Senior HTF Member
- Feb 20, 2001
- Livonia, MI USA
- Real Name
- Kenneth McAlinden
Pride of the Marines
Directed by: Delmer Daves
Starring: John Garfield, Eleanor Parker, Dane Clark, Rosemary DeCamp
|Studio: Warner Bros. (Warner Archive)|
Film Length: 119 minutes
Aspect Ratio: 4:3
Release Date: Fall 2009
The Film ****Pride of the Marines adapts the true life story of decorated World War II veteran Al Schmid (Garfield). The first half hour of the film looks at Schmid's pre-war life in Philadelphia where he works as a welder and lives as a confirmed bachelor and avid sportsman. Despite his aversion to romantic attachment, he finds a perfect match in the feisty Ruth Hartley (Parker). When the Japanese attack Pearl Harbor, Al signs up for the Marines and, overcoming his fear of commitment, proposes to Ruth. We then flash forward to Al's service on Guadacanal where he and fellow Marine Lee Diamond (Clark) distinguish themselves by manning a machine gun turret and holding their position against an overwhelming Japanese force. During this incident, Lee's arm is seriously wounded and Al suffers injuries from a grenade that result in him being blinded, with one eye beyond repair and another heavily damaged with a only a small chance that surgery could partially restore his sight. We then follow the ups and downs of Al's rehabilitation. Despite the efforts of Lee, devoted nurse Virginia Pfeiffer (DeCamp) and fellow convalescing serviceman, Al resists efforts to help him adjust to living without sight and refuses to let Ruth know the extent of his injuries.
Released less than two weeks after the end of World War II and over a year before William Wyler's classic The Best Years of Our Lives, Pride of the Marines takes on the subject of the personal cost of war and the effect it has on the lives of returning veterans and their families. While at face value this seems like it was a risky film for Warner Bros. to put into production before the War was over, it really was not. Al Schmid's story was well publicized via outlets such as Life Magazine and the book by Roger Butterfield on which the film was based. At the time, Schmid was recognized as a hero and made regular appearances at war bond fundraising rallies.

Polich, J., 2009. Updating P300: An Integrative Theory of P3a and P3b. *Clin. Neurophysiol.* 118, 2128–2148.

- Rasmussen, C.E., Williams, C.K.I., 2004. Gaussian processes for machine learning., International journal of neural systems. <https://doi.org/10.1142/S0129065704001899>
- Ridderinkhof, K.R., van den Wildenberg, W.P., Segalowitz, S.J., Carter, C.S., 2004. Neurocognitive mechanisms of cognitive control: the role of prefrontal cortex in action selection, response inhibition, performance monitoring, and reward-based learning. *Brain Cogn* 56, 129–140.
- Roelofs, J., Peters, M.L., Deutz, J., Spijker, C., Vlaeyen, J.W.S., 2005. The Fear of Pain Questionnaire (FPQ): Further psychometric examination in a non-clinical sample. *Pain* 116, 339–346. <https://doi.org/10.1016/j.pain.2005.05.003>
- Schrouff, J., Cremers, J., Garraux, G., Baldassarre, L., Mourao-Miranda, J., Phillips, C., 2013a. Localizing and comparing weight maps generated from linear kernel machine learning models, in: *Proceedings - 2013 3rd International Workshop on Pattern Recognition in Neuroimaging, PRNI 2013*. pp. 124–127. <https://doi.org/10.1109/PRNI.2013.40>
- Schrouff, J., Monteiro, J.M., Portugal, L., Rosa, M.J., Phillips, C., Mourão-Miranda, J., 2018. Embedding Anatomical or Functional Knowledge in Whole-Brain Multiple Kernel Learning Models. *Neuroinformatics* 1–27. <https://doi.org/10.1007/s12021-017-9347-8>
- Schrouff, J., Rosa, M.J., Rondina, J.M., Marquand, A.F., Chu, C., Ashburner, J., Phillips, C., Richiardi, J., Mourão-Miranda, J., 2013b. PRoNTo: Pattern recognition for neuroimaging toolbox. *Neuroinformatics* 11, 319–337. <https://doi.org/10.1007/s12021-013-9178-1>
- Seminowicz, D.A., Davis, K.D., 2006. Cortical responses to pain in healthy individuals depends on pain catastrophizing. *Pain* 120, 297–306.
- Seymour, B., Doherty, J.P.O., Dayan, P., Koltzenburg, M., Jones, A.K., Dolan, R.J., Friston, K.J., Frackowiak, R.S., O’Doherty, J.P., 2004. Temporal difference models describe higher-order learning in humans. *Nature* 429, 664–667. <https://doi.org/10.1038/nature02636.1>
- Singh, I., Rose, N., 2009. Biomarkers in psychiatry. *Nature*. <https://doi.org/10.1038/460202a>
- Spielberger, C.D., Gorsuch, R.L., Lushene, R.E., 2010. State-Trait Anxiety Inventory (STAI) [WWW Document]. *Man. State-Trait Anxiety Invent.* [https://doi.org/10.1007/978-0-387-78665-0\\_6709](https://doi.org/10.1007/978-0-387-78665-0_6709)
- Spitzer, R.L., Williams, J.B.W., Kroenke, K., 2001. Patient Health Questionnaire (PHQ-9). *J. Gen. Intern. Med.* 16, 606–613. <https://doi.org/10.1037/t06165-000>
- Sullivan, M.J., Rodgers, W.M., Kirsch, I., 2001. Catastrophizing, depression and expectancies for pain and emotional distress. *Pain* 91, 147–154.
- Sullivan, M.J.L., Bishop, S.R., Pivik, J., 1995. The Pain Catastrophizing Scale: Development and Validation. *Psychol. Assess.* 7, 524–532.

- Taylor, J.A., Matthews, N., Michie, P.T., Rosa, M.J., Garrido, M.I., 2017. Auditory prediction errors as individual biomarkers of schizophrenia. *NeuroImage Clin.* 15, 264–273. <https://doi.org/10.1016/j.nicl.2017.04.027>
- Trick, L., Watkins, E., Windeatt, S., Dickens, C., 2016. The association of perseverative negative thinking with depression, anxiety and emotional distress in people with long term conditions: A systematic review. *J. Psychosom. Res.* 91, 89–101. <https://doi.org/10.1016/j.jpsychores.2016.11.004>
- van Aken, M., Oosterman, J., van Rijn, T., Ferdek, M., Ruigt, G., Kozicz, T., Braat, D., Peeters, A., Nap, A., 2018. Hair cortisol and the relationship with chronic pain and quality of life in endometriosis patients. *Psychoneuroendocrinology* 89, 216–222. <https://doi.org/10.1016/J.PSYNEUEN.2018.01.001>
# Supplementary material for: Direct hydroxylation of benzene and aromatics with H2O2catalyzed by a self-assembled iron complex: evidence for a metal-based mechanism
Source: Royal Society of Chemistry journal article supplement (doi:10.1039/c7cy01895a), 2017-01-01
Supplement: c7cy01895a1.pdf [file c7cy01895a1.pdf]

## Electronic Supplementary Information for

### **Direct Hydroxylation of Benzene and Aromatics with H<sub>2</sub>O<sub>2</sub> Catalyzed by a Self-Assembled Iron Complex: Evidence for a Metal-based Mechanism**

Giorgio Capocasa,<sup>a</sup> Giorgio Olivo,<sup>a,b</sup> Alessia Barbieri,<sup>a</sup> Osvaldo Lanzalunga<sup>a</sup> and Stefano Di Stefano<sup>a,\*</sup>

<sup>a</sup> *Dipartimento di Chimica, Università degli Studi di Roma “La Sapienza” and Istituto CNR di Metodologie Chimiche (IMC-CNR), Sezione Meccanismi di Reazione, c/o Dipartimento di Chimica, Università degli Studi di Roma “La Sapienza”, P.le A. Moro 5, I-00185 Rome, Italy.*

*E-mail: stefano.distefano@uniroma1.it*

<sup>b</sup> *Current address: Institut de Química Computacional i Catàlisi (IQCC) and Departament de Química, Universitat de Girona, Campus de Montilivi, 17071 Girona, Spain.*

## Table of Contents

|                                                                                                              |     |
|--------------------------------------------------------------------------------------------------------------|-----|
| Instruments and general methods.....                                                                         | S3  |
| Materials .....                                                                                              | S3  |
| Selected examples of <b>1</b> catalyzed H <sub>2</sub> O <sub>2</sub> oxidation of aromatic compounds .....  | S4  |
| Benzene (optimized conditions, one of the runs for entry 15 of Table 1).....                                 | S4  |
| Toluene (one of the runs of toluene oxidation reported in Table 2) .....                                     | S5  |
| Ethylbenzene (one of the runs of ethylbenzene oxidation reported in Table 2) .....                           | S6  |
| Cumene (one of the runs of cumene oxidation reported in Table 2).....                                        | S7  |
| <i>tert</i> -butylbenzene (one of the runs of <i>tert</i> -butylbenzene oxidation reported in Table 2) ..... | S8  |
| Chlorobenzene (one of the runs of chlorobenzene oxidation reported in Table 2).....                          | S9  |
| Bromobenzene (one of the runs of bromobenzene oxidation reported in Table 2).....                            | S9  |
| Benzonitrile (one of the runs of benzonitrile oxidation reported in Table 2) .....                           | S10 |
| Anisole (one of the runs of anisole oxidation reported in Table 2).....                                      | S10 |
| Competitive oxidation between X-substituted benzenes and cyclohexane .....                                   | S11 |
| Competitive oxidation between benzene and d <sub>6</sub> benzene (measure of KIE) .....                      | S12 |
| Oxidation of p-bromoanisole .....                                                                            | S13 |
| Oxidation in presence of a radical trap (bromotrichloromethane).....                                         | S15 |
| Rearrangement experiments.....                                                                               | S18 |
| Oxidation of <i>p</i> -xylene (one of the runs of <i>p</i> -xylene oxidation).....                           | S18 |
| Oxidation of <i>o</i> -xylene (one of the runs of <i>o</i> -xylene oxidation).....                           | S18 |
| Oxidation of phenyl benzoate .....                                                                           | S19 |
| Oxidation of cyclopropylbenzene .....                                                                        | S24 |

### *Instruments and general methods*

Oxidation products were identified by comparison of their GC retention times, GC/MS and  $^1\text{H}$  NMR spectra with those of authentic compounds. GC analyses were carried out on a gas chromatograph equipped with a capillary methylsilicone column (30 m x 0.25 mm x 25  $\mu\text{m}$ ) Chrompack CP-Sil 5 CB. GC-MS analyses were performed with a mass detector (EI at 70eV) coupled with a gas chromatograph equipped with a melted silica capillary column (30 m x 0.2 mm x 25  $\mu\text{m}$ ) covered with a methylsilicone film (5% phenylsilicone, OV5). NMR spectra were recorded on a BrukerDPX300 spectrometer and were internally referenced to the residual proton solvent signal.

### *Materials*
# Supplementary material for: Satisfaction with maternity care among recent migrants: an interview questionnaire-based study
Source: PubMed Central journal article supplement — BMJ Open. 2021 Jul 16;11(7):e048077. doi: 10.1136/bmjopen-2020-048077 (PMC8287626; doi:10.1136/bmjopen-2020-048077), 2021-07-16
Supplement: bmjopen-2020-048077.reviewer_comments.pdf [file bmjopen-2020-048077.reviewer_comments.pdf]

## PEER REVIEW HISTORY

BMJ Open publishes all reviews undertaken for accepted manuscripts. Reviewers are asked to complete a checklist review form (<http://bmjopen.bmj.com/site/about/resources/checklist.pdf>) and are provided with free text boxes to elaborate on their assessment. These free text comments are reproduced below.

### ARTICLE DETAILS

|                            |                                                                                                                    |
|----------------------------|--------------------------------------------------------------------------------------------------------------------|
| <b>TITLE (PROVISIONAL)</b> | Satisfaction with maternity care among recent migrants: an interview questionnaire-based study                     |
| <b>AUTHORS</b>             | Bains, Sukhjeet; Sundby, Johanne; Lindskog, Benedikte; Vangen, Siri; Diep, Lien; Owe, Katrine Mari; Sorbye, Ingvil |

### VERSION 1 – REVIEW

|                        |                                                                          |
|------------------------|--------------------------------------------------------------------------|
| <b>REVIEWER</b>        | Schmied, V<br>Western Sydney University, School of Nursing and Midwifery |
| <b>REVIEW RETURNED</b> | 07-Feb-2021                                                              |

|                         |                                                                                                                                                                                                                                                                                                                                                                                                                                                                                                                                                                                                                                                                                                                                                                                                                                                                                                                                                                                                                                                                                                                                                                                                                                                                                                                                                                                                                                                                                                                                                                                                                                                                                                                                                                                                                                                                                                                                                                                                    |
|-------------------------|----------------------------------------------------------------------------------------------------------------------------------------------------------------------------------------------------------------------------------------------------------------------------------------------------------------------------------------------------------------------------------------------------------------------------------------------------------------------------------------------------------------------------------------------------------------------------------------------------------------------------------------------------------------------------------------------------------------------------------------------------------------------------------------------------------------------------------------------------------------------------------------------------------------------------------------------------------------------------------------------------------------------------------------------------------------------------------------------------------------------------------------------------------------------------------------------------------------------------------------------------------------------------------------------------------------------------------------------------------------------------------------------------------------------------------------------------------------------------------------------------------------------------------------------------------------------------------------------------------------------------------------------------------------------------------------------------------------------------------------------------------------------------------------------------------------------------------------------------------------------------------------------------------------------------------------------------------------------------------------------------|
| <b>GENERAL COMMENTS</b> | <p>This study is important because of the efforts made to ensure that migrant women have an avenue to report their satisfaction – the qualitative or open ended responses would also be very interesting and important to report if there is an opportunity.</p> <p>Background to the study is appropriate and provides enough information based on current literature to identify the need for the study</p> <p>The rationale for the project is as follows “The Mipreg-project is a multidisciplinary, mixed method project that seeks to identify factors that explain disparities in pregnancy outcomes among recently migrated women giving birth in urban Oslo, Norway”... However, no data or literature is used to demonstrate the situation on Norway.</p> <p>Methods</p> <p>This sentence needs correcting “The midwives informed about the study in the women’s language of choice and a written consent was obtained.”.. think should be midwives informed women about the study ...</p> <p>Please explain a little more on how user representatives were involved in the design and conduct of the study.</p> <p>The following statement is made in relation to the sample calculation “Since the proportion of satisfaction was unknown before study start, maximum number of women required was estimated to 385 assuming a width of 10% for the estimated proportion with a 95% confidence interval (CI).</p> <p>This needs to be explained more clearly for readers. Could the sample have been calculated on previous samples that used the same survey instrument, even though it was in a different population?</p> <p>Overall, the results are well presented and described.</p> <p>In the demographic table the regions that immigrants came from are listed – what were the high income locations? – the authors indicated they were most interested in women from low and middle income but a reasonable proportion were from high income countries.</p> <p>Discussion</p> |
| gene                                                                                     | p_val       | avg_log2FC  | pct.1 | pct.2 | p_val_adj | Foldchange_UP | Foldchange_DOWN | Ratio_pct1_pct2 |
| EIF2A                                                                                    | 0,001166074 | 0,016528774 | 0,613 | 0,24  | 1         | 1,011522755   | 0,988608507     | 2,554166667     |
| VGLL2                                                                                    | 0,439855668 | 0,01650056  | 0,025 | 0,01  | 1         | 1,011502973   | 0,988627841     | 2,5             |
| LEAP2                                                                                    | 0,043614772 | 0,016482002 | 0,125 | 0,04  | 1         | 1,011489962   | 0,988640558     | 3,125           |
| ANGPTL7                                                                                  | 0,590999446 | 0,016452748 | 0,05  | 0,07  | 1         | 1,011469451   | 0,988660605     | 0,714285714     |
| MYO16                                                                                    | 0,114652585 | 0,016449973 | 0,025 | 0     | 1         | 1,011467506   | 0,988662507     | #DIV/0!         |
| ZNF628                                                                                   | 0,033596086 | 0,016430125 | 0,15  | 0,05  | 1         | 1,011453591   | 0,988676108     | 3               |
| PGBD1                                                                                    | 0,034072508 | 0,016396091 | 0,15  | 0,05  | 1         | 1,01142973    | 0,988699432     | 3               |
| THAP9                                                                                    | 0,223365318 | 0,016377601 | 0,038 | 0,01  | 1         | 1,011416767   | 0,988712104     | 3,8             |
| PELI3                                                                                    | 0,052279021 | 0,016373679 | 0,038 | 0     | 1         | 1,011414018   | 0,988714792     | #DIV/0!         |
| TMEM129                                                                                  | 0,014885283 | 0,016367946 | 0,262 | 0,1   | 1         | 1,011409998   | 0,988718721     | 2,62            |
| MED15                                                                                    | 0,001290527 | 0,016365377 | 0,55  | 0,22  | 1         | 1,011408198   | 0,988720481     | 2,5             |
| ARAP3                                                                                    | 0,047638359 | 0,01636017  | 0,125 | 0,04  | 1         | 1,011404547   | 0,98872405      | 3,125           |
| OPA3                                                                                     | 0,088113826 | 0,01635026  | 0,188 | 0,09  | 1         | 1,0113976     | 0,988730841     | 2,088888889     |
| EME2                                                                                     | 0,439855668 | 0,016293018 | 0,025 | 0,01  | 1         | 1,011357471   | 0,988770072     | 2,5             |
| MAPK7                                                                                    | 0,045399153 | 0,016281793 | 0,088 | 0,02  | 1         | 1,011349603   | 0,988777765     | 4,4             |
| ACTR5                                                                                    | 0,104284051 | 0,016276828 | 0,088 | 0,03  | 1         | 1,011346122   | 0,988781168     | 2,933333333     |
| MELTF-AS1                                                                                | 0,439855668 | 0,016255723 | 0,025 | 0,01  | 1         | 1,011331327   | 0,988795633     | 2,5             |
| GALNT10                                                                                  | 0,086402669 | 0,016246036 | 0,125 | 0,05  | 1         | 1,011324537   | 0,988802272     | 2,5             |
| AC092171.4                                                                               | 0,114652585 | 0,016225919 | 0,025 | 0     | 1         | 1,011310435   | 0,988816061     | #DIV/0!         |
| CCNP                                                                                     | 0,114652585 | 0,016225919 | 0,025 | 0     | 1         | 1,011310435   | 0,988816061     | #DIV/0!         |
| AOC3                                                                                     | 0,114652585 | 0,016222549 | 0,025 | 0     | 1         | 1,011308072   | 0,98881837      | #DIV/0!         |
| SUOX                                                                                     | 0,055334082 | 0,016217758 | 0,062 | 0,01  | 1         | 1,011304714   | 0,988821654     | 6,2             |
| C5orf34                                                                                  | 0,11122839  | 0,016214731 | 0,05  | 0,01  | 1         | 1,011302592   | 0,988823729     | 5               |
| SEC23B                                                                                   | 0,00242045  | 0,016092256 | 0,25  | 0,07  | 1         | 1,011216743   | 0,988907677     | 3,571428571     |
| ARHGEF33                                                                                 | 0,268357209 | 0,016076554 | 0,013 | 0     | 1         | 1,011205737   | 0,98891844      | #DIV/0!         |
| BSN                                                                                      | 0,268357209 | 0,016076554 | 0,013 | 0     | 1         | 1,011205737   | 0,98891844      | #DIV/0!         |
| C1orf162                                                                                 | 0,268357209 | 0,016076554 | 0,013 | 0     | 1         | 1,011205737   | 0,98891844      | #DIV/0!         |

While Pride of the Marines occasionally gets a bit too sentimental and contains elements of wartime propaganda that cause it to feel somewhat dated, on balance, the film works exceptionally well. Much of the credit for this goes to Garfield who actively pursued bringing this story to the screen, likely due to both his well-established commitment to honoring members of the US Armed Forces, and his recognition of the suitability of the role for himself. The Al Schmid of the first three reels of the film is almost a stock Garfield East Coast tough guy character which likely helped the audiences get on board and empathize with him quickly before he goes through his difficult rehabilitation in the film's second half.
Delmer Daves deftly keeps things moving through the film's first two acts, fully exploiting the on-screen chemistry between Garfield and Parker in the film's extended "anti-romantic" courtship scenes and then turning all of the right screws of action, suspense, and claustrophobia during the brief but highly effective Guadalcanal sequence. He falters somewhat in letting the film's second half drag on a bit which allows Garfield's Schmid to come across as a bit too stridently self-pitying, but enough goodwill has been built up for the character by that point that audience remains in his corner. The protracted nature of the film's second half also prolongs viewer anticipation of the inevitable reunion between Garfield and Parker, which makes it a bit easier to accept the dramatically contrived way in which it is accomplished. There is also a sense of verisimilitude in details like the use of real-life people's names in all of the key parts and atypical for vintage Hollywood decisions to keep real-life details such as the Jewish ethnicity of Schmid's fellow Marine Lee Diamond in the screenplay.